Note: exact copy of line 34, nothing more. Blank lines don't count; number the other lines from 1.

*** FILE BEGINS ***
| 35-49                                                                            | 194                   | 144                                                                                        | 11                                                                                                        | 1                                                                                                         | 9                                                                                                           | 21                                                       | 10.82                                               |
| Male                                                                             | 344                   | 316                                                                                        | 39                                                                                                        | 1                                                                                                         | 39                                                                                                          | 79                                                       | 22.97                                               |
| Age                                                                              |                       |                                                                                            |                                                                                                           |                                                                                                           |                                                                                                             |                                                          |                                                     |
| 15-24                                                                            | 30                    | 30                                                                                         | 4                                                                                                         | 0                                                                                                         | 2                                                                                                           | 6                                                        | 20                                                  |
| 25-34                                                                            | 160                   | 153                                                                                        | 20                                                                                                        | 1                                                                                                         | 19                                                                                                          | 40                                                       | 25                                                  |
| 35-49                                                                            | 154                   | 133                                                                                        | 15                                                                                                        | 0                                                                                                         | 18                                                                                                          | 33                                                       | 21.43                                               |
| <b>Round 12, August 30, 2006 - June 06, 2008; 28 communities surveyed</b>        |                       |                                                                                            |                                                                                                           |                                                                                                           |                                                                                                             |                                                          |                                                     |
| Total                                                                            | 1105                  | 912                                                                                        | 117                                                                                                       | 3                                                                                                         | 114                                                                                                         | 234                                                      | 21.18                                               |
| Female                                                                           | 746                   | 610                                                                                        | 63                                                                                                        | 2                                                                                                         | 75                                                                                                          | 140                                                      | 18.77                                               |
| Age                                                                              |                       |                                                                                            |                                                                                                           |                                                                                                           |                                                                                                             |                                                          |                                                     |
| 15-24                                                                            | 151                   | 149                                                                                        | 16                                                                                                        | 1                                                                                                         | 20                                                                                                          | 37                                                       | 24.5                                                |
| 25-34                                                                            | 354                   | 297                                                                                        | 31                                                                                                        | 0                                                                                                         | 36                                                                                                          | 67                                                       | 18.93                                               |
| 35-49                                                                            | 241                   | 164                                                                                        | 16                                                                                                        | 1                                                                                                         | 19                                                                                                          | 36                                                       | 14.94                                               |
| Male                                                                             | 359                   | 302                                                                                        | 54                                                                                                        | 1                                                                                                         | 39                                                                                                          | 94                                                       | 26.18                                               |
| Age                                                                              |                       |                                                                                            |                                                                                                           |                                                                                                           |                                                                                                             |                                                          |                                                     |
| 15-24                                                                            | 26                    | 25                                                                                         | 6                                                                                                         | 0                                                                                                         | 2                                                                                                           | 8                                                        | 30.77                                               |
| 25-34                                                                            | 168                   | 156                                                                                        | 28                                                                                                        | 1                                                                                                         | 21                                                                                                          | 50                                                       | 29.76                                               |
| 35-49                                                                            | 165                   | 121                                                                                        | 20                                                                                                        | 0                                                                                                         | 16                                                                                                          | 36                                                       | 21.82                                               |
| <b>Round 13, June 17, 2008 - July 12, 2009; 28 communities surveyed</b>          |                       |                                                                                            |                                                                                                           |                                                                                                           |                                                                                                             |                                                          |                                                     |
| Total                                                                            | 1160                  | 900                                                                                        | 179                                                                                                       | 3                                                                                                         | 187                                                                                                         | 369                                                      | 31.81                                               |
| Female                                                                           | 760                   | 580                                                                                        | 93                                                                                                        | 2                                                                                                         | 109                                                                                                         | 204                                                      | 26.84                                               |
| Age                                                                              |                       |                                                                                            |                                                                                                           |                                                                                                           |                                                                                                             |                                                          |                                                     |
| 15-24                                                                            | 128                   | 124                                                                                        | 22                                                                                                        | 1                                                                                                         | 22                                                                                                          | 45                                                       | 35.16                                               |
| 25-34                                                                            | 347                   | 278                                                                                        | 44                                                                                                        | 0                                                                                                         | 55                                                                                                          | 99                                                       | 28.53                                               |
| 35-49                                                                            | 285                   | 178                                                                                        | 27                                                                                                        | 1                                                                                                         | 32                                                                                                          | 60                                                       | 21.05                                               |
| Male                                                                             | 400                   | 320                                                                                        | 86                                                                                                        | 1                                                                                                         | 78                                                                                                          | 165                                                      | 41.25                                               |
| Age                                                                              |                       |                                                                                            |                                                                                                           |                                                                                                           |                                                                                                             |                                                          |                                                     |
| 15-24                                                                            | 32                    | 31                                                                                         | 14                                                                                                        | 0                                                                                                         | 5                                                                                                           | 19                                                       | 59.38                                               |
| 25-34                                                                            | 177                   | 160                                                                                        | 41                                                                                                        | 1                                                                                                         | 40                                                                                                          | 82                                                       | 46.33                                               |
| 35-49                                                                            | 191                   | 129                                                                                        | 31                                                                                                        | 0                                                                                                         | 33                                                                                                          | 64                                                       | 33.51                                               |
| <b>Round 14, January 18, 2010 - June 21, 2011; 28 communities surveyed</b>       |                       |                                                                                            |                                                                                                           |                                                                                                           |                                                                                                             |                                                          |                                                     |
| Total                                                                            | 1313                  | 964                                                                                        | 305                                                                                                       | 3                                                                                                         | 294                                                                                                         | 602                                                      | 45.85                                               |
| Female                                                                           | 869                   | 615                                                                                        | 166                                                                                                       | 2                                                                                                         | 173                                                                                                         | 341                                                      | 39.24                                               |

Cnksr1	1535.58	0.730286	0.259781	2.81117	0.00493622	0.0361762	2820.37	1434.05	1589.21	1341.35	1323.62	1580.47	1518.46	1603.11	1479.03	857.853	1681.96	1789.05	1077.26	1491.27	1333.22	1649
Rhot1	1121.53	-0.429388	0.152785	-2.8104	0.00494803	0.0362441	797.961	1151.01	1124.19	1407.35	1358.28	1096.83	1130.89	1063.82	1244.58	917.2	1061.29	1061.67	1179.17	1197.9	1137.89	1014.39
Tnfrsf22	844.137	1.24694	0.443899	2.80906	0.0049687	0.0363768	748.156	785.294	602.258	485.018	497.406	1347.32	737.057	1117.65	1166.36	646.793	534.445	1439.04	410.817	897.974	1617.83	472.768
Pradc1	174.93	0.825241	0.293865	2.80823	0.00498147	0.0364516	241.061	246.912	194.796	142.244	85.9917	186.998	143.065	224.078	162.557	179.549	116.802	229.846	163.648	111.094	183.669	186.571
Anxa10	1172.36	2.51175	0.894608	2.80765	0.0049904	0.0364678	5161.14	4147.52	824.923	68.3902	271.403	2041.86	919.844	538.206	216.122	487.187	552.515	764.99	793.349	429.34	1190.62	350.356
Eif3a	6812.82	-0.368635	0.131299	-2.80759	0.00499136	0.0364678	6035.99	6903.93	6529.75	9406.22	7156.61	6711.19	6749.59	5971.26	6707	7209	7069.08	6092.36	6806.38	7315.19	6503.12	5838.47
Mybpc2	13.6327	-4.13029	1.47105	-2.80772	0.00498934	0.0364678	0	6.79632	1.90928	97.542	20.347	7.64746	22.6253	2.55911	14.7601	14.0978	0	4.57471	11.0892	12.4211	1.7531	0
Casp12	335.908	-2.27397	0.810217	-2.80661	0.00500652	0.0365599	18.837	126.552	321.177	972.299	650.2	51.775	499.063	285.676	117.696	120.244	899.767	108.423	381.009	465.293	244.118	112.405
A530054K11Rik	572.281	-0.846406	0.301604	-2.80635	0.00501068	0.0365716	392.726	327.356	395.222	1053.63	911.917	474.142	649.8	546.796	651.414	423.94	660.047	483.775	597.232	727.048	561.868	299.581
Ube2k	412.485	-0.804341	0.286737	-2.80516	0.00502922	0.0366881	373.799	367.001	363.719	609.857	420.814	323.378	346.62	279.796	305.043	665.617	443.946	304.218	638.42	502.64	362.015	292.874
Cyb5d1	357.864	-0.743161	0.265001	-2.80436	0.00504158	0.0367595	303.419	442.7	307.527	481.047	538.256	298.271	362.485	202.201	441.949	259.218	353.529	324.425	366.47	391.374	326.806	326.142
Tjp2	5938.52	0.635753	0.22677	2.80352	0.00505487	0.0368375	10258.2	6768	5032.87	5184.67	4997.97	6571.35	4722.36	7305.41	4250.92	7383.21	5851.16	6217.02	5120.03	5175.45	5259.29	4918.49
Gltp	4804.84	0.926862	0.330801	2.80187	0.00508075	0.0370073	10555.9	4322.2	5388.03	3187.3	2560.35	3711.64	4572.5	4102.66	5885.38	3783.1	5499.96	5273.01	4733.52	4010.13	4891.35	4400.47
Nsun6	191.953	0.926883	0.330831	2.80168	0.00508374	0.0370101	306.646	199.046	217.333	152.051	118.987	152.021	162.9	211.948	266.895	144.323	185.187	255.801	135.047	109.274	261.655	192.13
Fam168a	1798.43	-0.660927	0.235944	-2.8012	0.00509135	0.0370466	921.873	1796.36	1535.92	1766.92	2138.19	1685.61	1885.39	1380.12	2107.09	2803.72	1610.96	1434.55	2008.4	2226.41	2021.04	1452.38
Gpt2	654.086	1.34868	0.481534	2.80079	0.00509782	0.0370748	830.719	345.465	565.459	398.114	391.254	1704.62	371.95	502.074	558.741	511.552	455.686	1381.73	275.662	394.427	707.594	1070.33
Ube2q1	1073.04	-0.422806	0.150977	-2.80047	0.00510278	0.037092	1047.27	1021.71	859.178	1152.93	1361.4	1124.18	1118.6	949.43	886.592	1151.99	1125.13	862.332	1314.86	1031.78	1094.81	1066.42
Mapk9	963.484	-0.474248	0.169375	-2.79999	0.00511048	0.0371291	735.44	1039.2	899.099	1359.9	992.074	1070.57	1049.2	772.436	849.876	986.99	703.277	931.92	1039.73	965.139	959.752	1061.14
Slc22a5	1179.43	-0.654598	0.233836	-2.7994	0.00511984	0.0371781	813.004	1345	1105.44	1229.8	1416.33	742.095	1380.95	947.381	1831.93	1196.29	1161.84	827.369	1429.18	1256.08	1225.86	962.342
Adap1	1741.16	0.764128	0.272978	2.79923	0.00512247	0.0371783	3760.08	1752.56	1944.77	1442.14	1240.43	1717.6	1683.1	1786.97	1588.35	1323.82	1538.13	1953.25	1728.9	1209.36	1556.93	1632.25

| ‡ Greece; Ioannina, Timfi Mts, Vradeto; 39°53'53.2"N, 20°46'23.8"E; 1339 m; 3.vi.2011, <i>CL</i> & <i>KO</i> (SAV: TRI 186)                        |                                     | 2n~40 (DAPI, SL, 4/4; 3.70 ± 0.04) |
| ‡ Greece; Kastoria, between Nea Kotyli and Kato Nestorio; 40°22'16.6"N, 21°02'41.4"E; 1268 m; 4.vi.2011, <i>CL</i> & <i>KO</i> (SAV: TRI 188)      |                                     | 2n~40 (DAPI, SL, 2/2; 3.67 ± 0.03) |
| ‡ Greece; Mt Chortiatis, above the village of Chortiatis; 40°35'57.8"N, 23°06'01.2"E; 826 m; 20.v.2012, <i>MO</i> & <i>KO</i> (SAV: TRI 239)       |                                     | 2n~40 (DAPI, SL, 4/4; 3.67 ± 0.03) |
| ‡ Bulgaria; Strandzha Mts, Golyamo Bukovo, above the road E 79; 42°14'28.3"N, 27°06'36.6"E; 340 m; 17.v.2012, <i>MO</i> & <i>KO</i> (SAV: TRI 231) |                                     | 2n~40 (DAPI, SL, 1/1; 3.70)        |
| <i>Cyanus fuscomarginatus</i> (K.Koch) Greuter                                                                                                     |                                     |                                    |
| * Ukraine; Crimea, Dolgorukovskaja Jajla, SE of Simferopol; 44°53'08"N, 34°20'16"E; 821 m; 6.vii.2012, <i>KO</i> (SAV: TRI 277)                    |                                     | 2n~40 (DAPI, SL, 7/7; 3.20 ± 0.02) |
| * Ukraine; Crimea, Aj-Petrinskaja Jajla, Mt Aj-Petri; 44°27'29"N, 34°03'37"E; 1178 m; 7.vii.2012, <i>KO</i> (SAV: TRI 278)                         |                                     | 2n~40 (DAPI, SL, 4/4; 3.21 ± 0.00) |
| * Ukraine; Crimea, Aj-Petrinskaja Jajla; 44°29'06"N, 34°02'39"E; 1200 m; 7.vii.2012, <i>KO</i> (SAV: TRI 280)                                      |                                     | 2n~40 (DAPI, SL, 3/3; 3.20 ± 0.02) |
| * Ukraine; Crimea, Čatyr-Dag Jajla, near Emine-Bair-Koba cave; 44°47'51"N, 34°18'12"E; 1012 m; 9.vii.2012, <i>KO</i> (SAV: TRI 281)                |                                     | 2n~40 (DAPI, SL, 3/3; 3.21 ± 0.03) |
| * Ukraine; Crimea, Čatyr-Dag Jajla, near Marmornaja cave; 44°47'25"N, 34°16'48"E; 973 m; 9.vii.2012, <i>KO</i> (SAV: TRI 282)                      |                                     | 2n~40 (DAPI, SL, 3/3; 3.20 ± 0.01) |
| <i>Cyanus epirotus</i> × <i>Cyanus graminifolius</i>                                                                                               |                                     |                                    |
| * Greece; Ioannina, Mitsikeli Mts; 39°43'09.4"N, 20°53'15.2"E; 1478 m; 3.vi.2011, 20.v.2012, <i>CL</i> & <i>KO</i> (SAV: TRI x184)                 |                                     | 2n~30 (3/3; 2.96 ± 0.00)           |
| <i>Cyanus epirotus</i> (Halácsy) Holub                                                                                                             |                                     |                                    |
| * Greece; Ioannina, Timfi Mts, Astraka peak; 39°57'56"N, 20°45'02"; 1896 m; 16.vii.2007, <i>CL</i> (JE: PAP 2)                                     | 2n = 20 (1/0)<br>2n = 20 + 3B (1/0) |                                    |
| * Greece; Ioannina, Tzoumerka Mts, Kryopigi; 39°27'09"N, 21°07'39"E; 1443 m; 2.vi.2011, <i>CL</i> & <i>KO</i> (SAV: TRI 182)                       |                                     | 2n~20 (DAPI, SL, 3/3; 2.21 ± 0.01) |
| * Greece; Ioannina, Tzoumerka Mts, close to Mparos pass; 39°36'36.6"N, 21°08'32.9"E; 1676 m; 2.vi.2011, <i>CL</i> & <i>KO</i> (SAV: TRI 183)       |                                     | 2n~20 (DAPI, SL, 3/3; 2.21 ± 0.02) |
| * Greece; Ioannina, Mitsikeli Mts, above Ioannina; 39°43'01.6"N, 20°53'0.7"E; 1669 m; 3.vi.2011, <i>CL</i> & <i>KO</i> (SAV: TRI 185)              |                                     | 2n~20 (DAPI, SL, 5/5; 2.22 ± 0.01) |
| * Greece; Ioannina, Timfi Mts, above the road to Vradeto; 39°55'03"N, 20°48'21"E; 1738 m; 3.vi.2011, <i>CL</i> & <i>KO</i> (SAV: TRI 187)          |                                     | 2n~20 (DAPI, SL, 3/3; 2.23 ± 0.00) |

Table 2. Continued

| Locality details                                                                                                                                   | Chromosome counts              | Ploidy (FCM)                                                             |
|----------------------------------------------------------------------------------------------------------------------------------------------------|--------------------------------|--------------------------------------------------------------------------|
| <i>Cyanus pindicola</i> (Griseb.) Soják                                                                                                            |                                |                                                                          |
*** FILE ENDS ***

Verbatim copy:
Cnksr1	1535.58	0.730286	0.259781	2.81117	0.00493622	0.0361762	2820.37	1434.05	1589.21	1341.35	1323.62	1580.47	1518.46	1603.11	1479.03	857.853	1681.96	1789.05	1077.26	1491.27	1333.22	1649